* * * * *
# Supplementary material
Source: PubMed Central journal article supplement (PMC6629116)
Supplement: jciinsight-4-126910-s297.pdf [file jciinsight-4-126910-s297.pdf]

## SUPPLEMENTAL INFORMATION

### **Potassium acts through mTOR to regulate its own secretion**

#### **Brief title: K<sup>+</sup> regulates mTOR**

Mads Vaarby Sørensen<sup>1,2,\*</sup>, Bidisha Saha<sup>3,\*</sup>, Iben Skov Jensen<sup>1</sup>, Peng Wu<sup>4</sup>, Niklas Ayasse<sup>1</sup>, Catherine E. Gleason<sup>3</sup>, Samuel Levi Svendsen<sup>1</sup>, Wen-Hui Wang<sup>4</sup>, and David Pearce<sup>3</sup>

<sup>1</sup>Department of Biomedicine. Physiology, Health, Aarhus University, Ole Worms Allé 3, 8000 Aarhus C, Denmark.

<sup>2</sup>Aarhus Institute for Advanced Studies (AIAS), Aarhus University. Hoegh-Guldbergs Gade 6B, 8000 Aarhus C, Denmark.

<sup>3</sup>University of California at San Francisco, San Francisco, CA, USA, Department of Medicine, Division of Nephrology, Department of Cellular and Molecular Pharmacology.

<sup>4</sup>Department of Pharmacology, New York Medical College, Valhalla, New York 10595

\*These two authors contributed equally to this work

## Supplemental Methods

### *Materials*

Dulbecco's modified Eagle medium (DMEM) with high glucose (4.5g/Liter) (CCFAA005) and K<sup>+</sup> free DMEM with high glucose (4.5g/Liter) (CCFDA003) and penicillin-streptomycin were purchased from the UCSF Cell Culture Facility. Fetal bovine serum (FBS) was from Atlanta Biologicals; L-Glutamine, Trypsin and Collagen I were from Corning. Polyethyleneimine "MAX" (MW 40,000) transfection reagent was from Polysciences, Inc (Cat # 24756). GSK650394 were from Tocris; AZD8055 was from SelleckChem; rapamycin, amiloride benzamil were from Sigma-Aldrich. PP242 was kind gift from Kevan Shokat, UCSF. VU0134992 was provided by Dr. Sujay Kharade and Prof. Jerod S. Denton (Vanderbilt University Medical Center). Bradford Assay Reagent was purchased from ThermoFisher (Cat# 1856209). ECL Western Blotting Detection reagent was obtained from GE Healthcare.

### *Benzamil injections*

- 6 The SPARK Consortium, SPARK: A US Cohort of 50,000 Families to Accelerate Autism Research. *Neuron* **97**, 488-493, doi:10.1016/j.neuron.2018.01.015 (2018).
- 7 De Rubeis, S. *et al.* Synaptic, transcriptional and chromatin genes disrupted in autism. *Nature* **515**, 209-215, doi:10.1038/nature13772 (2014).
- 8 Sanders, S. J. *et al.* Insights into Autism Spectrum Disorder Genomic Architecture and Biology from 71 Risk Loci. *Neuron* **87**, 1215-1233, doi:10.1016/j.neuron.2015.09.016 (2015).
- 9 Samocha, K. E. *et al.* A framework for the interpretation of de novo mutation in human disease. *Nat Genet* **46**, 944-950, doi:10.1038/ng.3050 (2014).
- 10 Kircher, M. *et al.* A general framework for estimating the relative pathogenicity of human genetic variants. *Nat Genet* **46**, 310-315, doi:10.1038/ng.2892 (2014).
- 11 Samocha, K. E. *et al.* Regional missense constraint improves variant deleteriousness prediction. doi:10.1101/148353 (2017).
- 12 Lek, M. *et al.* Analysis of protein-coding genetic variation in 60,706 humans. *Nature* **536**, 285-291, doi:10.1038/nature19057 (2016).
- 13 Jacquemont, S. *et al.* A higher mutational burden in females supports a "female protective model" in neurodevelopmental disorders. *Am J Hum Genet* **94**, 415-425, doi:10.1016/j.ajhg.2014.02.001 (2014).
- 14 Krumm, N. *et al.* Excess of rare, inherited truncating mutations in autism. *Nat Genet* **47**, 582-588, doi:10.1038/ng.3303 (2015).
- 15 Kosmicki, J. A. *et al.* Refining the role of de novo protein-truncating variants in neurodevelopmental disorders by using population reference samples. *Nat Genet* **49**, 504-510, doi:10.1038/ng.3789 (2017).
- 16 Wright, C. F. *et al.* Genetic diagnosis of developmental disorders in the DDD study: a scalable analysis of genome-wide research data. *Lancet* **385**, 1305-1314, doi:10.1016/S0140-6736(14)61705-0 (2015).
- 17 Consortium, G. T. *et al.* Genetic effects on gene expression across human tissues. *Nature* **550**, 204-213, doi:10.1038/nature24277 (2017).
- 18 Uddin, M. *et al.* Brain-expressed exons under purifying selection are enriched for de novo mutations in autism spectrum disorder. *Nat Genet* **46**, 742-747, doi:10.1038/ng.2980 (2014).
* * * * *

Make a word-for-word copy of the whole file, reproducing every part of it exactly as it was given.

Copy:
# Supplementary material
Source: PubMed Central journal article supplement (PMC6629116)
Supplement: jciinsight-4-126910-s297.pdf [file jciinsight-4-126910-s297.pdf]

## SUPPLEMENTAL INFORMATION

### **Potassium acts through mTOR to regulate its own secretion**

#### **Brief title: K<sup>+</sup> regulates mTOR**

Mads Vaarby Sørensen<sup>1,2,\*</sup>, Bidisha Saha<sup>3,\*</sup>, Iben Skov Jensen<sup>1</sup>, Peng Wu<sup>4</sup>, Niklas Ayasse<sup>1</sup>, Catherine E. Gleason<sup>3</sup>, Samuel Levi Svendsen<sup>1</sup>, Wen-Hui Wang<sup>4</sup>, and David Pearce<sup>3</sup>

<sup>1</sup>Department of Biomedicine. Physiology, Health, Aarhus University, Ole Worms Allé 3, 8000 Aarhus C, Denmark.

<sup>2</sup>Aarhus Institute for Advanced Studies (AIAS), Aarhus University. Hoegh-Guldbergs Gade 6B, 8000 Aarhus C, Denmark.

<sup>3</sup>University of California at San Francisco, San Francisco, CA, USA, Department of Medicine, Division of Nephrology, Department of Cellular and Molecular Pharmacology.

<sup>4</sup>Department of Pharmacology, New York Medical College, Valhalla, New York 10595

\*These two authors contributed equally to this work

## Supplemental Methods

### *Materials*

Dulbecco's modified Eagle medium (DMEM) with high glucose (4.5g/Liter) (CCFAA005) and K<sup>+</sup> free DMEM with high glucose (4.5g/Liter) (CCFDA003) and penicillin-streptomycin were purchased from the UCSF Cell Culture Facility. Fetal bovine serum (FBS) was from Atlanta Biologicals; L-Glutamine, Trypsin and Collagen I were from Corning. Polyethyleneimine "MAX" (MW 40,000) transfection reagent was from Polysciences, Inc (Cat # 24756). GSK650394 were from Tocris; AZD8055 was from SelleckChem; rapamycin, amiloride benzamil were from Sigma-Aldrich. PP242 was kind gift from Kevan Shokat, UCSF. VU0134992 was provided by Dr. Sujay Kharade and Prof. Jerod S. Denton (Vanderbilt University Medical Center). Bradford Assay Reagent was purchased from ThermoFisher (Cat# 1856209). ECL Western Blotting Detection reagent was obtained from GE Healthcare.

### *Benzamil injections*

- 6 The SPARK Consortium, SPARK: A US Cohort of 50,000 Families to Accelerate Autism Research. *Neuron* **97**, 488-493, doi:10.1016/j.neuron.2018.01.015 (2018).
- 7 De Rubeis, S. *et al.* Synaptic, transcriptional and chromatin genes disrupted in autism. *Nature* **515**, 209-215, doi:10.1038/nature13772 (2014).
- 8 Sanders, S. J. *et al.* Insights into Autism Spectrum Disorder Genomic Architecture and Biology from 71 Risk Loci. *Neuron* **87**, 1215-1233, doi:10.1016/j.neuron.2015.09.016 (2015).
- 9 Samocha, K. E. *et al.* A framework for the interpretation of de novo mutation in human disease. *Nat Genet* **46**, 944-950, doi:10.1038/ng.3050 (2014).
- 10 Kircher, M. *et al.* A general framework for estimating the relative pathogenicity of human genetic variants. *Nat Genet* **46**, 310-315, doi:10.1038/ng.2892 (2014).
- 11 Samocha, K. E. *et al.* Regional missense constraint improves variant deleteriousness prediction. doi:10.1101/148353 (2017).
- 12 Lek, M. *et al.* Analysis of protein-coding genetic variation in 60,706 humans. *Nature* **536**, 285-291, doi:10.1038/nature19057 (2016).
- 13 Jacquemont, S. *et al.* A higher mutational burden in females supports a "female protective model" in neurodevelopmental disorders. *Am J Hum Genet* **94**, 415-425, doi:10.1016/j.ajhg.2014.02.001 (2014).
- 14 Krumm, N. *et al.* Excess of rare, inherited truncating mutations in autism. *Nat Genet* **47**, 582-588, doi:10.1038/ng.3303 (2015).
- 15 Kosmicki, J. A. *et al.* Refining the role of de novo protein-truncating variants in neurodevelopmental disorders by using population reference samples. *Nat Genet* **49**, 504-510, doi:10.1038/ng.3789 (2017).
- 16 Wright, C. F. *et al.* Genetic diagnosis of developmental disorders in the DDD study: a scalable analysis of genome-wide research data. *Lancet* **385**, 1305-1314, doi:10.1016/S0140-6736(14)61705-0 (2015).
- 17 Consortium, G. T. *et al.* Genetic effects on gene expression across human tissues. *Nature* **550**, 204-213, doi:10.1038/nature24277 (2017).
- 18 Uddin, M. *et al.* Brain-expressed exons under purifying selection are enriched for de novo mutations in autism spectrum disorder. *Nat Genet* **46**, 742-747, doi:10.1038/ng.2980 (2014).